This is the twentieth and final post in a series about the use of Yijing in clinical practice of Chinese Medicine.
Read : Part 1 / Part 2 / Part 3 / Part 4 / Part 5 / Part 6 / Part 7 / Part 8/ Part 9 / Part 10 / Part 11 / Part 12/ Part 13/ Part 14 / Part 15 / Part 16 / Part 17 / Part 19 /
Part 20 – Homeopathic Hexagram Treatments
Last post tackled the nuts and bolts of the toroidal Yijing microsystem, the acupuncture style I’m developing based on a toroidal (donut-shaped) mapping of the Yijing. We covered technical aspects like how to map the hexagrams onto the scalp or abdomen and how to needle them, along with the subtler question of how to select hexagrams for use in treatment.We discussed a couple of overlapping treatment strategies that can be summed up as ‘directive.’
In directive treatment, you input the symbol or symbols that the patient could use.
This is like needling Stomach 36 on an ungrounded, uncentered person: you’re offering the virtues of earth to someone lacking them. For such a patient, one could needle Hexagram 2 Kun (earth) as an addition to ST 36 or as an alternative to it. Here, since we’re treating Earth, I’d probably needle the hexagram on the abdomen rather than the scalp.
Last time I promised to explore another strategy in this final post of the series, a strategy I believe to be the subtlest and in it’s way the most potent application of this Yijing mapping work. So what is this strategy?
It’s based on the homeopathic principle that, instead of trying to fix an imbalance, we instead amplify it.
Amplifying an existing pattern gives the system a chance to recognize the pattern that’s been holding it back and allows the individual’s own creative intelligence to respond. Instead of attempting a quick fix, this approach invites personal transformation.
The catch is that this kind of transformation is not necessarily a fun or comfortable process. Most of the time, before we can come to a new place of balance we have to wobble off-axis for a bit.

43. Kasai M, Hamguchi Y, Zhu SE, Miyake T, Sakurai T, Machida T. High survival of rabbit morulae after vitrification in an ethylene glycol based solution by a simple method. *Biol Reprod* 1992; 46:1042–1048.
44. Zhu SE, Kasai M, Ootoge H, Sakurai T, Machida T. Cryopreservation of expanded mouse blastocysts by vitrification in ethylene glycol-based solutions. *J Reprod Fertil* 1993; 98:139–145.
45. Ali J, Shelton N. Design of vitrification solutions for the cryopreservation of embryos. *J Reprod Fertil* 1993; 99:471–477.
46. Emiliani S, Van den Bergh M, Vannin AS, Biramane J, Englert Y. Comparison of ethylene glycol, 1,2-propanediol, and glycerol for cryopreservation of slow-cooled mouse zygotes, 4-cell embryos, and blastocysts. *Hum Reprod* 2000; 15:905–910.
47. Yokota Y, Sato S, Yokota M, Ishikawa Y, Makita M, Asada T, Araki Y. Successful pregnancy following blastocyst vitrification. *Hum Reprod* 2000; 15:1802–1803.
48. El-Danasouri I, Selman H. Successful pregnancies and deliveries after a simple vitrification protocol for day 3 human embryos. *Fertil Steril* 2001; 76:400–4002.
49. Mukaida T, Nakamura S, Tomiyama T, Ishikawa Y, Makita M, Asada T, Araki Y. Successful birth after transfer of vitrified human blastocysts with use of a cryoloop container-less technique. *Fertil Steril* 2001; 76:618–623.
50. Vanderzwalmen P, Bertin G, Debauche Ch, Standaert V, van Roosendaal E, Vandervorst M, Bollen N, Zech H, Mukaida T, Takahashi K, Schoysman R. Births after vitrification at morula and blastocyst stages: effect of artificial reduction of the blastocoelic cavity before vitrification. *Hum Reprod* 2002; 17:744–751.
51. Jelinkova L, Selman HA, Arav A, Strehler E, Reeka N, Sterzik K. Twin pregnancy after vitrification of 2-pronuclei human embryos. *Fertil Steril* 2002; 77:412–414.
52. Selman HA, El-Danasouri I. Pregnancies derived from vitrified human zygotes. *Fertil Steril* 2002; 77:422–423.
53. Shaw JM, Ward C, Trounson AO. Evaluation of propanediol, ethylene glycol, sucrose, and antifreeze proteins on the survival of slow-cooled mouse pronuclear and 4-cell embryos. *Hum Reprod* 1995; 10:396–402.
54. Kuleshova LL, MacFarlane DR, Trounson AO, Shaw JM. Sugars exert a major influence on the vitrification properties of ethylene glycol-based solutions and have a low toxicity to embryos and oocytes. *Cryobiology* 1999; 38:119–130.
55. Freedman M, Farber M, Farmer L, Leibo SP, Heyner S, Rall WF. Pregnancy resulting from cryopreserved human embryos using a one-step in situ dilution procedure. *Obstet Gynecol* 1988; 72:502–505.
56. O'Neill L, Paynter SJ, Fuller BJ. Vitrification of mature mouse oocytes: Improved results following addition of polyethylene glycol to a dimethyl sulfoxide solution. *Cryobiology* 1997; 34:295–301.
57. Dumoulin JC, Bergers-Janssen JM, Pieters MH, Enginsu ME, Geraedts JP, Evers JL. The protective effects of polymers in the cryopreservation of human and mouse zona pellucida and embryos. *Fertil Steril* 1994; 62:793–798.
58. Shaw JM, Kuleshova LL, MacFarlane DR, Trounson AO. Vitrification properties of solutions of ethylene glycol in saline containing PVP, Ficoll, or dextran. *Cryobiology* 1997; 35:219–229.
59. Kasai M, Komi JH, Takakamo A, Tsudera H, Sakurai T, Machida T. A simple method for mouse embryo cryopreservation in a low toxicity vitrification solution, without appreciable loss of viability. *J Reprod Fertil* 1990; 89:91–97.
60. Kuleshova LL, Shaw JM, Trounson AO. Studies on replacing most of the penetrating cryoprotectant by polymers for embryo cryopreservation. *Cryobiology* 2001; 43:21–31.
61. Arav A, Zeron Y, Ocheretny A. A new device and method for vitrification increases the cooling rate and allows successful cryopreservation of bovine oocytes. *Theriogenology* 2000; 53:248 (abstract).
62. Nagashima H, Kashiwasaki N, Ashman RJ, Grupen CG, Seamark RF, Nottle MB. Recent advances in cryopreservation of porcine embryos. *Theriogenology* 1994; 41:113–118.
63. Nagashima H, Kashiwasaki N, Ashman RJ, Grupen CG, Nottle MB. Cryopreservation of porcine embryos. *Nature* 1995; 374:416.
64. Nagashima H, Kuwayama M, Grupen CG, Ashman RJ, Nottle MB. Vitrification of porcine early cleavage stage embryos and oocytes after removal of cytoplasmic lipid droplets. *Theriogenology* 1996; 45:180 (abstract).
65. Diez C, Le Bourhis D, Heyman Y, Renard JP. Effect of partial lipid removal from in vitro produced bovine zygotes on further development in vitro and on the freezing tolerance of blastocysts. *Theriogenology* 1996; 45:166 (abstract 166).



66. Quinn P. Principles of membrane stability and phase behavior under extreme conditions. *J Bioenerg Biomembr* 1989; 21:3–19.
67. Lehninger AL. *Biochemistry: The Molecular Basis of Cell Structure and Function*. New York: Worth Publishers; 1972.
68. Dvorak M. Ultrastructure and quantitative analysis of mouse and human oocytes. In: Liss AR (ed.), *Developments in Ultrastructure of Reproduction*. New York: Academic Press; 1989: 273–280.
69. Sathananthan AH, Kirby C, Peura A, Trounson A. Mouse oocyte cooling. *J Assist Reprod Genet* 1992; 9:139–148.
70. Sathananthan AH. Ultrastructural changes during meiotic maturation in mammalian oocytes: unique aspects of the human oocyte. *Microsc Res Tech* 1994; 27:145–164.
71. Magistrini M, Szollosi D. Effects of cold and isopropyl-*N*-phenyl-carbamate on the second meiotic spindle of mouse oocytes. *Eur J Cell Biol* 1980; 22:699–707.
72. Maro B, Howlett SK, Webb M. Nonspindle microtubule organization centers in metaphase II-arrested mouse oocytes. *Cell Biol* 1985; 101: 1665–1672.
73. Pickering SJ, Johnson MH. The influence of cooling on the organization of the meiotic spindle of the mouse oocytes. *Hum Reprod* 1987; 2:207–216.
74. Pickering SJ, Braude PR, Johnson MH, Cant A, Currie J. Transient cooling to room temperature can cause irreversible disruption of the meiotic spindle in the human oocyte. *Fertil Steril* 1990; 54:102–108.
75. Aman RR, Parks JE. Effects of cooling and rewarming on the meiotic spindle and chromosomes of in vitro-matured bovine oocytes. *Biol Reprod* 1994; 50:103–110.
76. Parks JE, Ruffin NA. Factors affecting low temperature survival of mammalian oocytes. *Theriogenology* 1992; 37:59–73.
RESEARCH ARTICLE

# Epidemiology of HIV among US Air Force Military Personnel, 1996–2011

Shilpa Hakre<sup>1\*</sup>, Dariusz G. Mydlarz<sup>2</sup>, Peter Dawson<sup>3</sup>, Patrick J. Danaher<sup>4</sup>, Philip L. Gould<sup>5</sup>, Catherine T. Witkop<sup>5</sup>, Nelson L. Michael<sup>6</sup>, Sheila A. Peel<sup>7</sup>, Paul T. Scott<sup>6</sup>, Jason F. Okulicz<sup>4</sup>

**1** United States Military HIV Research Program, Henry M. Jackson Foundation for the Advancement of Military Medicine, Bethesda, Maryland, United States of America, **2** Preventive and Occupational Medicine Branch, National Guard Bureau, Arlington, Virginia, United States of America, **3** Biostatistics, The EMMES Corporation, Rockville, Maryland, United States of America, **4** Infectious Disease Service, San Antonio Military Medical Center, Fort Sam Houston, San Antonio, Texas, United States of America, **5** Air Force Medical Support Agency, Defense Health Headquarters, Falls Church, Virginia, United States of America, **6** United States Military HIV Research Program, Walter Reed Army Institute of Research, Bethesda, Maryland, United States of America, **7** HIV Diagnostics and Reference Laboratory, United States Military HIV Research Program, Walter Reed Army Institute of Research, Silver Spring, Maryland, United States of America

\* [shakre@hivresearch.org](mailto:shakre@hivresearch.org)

I’ve had just enough experience with homeopathic approaches to healing to know to tread lightly and with respect when amplifying patterns of imbalance.
For that reason I recommend this kind of intervention only in the context of (1) a strong and deep therapeutic container and (2) significant experience with the Yi. As a practitioner one first has to gain a clear view of what someone’s deep limiting beliefs or patterns are, and then be able to translate them clearly into the concise language of hexagrams.
Unless you’re confident in meeting both criteria, this homeopathic style of working with the hexagrams is best filed under “don’t try this at home.”
For those interested in learning more, or in taking part in the R&D process with toroidal Yijing work, please don’t hesitate to get in touch!
Well, we’ve done it—made it to the end of this mammoth article series.
It seems only fitting to end this journey the way we started, with an Yijing cast to give the oracle itself the final word.
Here it is in real time, sans fudging: 786898 – Hexagram 3 Zhen—> Hexagram 36 Mingyi. Lines 3 and 5 changing.
Hexagram 3 Zhen is the image of an embryo, a newly fertilized seed: life in its earliest stages. Having asked for an image to end with, the Yi offers an image of new beginnings. This seems only fitting, given our discussion of the Yi’s circular nature.
Zhen could also refer to the toroidal Yijing microsystem work, as a system still in its infancy. As such it needs careful nurturing and not too much exposure. I’m entrusting you with my baby, dear reader, so please be gentle!
Hexagram 36 Mingyi is often read in terms of keeping one’s light under a bushel. It’s also about illuminating the darkness (putting that Fire down into the Earth).
As Jung said, “one does not become enlightened by imagining figures of light, but by making the darkness conscious.”
He also said, “The latter procedure, however, is disagreeable and therefore not popular.”
Perhaps those beginning their exploration of the Yi through these posts are advised to use the oracle for inner exploration before sharing its light with the outside world. Do your inner work first, the Yi seems to be saying, in classic curmudgeonly-sage fashion.
We should take the changing lines into account as well:
Line 3: “hunting deer without a guide, getting lost in the forest.”
Line 5: “difficulties in prosperity [alternate translation: hoarding wealth]. Good fortune for small things, not big ones.”
It is certainly easy to get lost in the forest of the Yijing (Line 3), and it’s a good idea not to venture too deep without a guide at hand. This may be doubly true when it comes to using the Yijing actively in treatment—wandering about blindly is apt to lead to trouble.
Line 5 suggests an embarrassment of riches, and there’s so much information within the Yi that it can indeed be a problem. Faced with such richness, it’s good to start by taking small steps. Such are the notes of caution the oracle injects.
There’s a whole world to explore inside the Yi’s barcode-looking figures. I hope this series has inspired a few of you to take a closer look around. Take it slow…and enjoy the ride!